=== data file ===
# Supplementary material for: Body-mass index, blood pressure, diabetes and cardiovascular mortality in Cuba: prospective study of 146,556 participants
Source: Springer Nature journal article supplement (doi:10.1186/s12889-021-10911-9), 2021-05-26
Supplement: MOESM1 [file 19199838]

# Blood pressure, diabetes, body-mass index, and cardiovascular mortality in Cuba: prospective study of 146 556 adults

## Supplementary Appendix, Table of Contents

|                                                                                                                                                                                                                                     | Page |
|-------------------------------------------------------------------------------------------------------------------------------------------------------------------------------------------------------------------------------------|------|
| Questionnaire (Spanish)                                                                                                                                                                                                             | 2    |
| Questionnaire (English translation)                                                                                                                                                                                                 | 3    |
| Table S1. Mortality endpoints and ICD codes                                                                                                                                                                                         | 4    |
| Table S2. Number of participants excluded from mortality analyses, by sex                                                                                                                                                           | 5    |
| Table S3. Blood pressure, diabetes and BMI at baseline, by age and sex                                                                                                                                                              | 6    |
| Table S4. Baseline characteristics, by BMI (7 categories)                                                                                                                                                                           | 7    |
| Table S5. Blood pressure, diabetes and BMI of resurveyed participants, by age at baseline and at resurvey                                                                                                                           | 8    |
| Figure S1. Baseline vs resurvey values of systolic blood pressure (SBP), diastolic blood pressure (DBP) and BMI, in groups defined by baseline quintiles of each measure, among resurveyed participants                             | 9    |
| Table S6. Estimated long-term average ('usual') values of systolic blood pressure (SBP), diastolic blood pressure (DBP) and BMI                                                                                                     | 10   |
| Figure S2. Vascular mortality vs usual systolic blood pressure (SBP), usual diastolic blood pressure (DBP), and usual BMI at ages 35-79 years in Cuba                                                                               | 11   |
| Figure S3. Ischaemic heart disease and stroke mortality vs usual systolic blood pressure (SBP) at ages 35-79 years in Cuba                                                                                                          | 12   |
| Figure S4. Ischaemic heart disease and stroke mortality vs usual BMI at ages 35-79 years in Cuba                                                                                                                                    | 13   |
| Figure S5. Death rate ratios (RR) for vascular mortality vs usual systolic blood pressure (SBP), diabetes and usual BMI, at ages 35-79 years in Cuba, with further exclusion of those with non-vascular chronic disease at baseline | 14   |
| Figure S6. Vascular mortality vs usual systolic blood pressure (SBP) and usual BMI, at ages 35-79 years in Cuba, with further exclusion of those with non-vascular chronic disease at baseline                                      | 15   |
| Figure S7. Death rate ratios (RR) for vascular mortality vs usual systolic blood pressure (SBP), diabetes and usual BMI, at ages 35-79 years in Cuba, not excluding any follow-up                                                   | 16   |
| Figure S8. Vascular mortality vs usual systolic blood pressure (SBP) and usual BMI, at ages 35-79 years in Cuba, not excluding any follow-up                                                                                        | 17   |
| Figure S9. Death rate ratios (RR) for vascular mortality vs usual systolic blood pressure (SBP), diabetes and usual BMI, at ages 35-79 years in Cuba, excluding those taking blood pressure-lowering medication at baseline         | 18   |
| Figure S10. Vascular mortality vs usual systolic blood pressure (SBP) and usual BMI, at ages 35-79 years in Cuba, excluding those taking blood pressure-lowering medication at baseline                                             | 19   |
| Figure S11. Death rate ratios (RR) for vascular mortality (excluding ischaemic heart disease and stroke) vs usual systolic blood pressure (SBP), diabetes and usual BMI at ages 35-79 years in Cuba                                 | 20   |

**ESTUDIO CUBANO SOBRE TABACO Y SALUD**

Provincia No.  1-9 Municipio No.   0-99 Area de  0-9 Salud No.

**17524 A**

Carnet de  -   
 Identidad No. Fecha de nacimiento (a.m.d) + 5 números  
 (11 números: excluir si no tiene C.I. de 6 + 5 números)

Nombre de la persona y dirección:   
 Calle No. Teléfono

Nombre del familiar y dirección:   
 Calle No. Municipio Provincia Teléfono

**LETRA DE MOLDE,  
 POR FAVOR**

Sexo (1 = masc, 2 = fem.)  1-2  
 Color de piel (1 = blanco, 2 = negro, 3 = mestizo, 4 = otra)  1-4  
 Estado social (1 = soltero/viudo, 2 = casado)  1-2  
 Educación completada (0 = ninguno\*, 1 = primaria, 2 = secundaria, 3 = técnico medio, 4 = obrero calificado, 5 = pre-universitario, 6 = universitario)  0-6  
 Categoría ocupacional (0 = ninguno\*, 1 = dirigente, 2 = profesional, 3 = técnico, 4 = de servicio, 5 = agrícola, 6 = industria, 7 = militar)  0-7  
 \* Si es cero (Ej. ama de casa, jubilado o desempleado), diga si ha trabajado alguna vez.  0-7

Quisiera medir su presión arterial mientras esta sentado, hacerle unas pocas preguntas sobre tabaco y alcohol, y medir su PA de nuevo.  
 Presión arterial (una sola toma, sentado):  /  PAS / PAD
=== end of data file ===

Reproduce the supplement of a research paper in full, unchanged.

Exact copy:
# Supplementary material for: Body-mass index, blood pressure, diabetes and cardiovascular mortality in Cuba: prospective study of 146,556 participants
Source: Springer Nature journal article supplement (doi:10.1186/s12889-021-10911-9), 2021-05-26
Supplement: MOESM1 [file 19199838]

# Blood pressure, diabetes, body-mass index, and cardiovascular mortality in Cuba: prospective study of 146 556 adults

## Supplementary Appendix, Table of Contents

|                                                                                                                                                                                                                                     | Page |
|-------------------------------------------------------------------------------------------------------------------------------------------------------------------------------------------------------------------------------------|------|
| Questionnaire (Spanish)                                                                                                                                                                                                             | 2    |
| Questionnaire (English translation)                                                                                                                                                                                                 | 3    |
| Table S1. Mortality endpoints and ICD codes                                                                                                                                                                                         | 4    |
| Table S2. Number of participants excluded from mortality analyses, by sex                                                                                                                                                           | 5    |
| Table S3. Blood pressure, diabetes and BMI at baseline, by age and sex                                                                                                                                                              | 6    |
| Table S4. Baseline characteristics, by BMI (7 categories)                                                                                                                                                                           | 7    |
| Table S5. Blood pressure, diabetes and BMI of resurveyed participants, by age at baseline and at resurvey                                                                                                                           | 8    |
| Figure S1. Baseline vs resurvey values of systolic blood pressure (SBP), diastolic blood pressure (DBP) and BMI, in groups defined by baseline quintiles of each measure, among resurveyed participants                             | 9    |
| Table S6. Estimated long-term average ('usual') values of systolic blood pressure (SBP), diastolic blood pressure (DBP) and BMI                                                                                                     | 10   |
| Figure S2. Vascular mortality vs usual systolic blood pressure (SBP), usual diastolic blood pressure (DBP), and usual BMI at ages 35-79 years in Cuba                                                                               | 11   |
| Figure S3. Ischaemic heart disease and stroke mortality vs usual systolic blood pressure (SBP) at ages 35-79 years in Cuba                                                                                                          | 12   |
| Figure S4. Ischaemic heart disease and stroke mortality vs usual BMI at ages 35-79 years in Cuba                                                                                                                                    | 13   |
| Figure S5. Death rate ratios (RR) for vascular mortality vs usual systolic blood pressure (SBP), diabetes and usual BMI, at ages 35-79 years in Cuba, with further exclusion of those with non-vascular chronic disease at baseline | 14   |
| Figure S6. Vascular mortality vs usual systolic blood pressure (SBP) and usual BMI, at ages 35-79 years in Cuba, with further exclusion of those with non-vascular chronic disease at baseline                                      | 15   |
| Figure S7. Death rate ratios (RR) for vascular mortality vs usual systolic blood pressure (SBP), diabetes and usual BMI, at ages 35-79 years in Cuba, not excluding any follow-up                                                   | 16   |
| Figure S8. Vascular mortality vs usual systolic blood pressure (SBP) and usual BMI, at ages 35-79 years in Cuba, not excluding any follow-up                                                                                        | 17   |
| Figure S9. Death rate ratios (RR) for vascular mortality vs usual systolic blood pressure (SBP), diabetes and usual BMI, at ages 35-79 years in Cuba, excluding those taking blood pressure-lowering medication at baseline         | 18   |
| Figure S10. Vascular mortality vs usual systolic blood pressure (SBP) and usual BMI, at ages 35-79 years in Cuba, excluding those taking blood pressure-lowering medication at baseline                                             | 19   |
| Figure S11. Death rate ratios (RR) for vascular mortality (excluding ischaemic heart disease and stroke) vs usual systolic blood pressure (SBP), diabetes and usual BMI at ages 35-79 years in Cuba                                 | 20   |

**ESTUDIO CUBANO SOBRE TABACO Y SALUD**

Provincia No.  1-9 Municipio No.   0-99 Area de  0-9 Salud No.

**17524 A**

Carnet de  -   
 Identidad No. Fecha de nacimiento (a.m.d) + 5 números  
 (11 números: excluir si no tiene C.I. de 6 + 5 números)

Nombre de la persona y dirección:   
 Calle No. Teléfono

Nombre del familiar y dirección:   
 Calle No. Municipio Provincia Teléfono

**LETRA DE MOLDE,  
 POR FAVOR**

Sexo (1 = masc, 2 = fem.)  1-2  
 Color de piel (1 = blanco, 2 = negro, 3 = mestizo, 4 = otra)  1-4  
 Estado social (1 = soltero/viudo, 2 = casado)  1-2  
 Educación completada (0 = ninguno\*, 1 = primaria, 2 = secundaria, 3 = técnico medio, 4 = obrero calificado, 5 = pre-universitario, 6 = universitario)  0-6  
 Categoría ocupacional (0 = ninguno\*, 1 = dirigente, 2 = profesional, 3 = técnico, 4 = de servicio, 5 = agrícola, 6 = industria, 7 = militar)  0-7  
 \* Si es cero (Ej. ama de casa, jubilado o desempleado), diga si ha trabajado alguna vez.  0-7

Quisiera medir su presión arterial mientras esta sentado, hacerle unas pocas preguntas sobre tabaco y alcohol, y medir su PA de nuevo.  
 Presión arterial (una sola toma, sentado):  /  PAS / PAD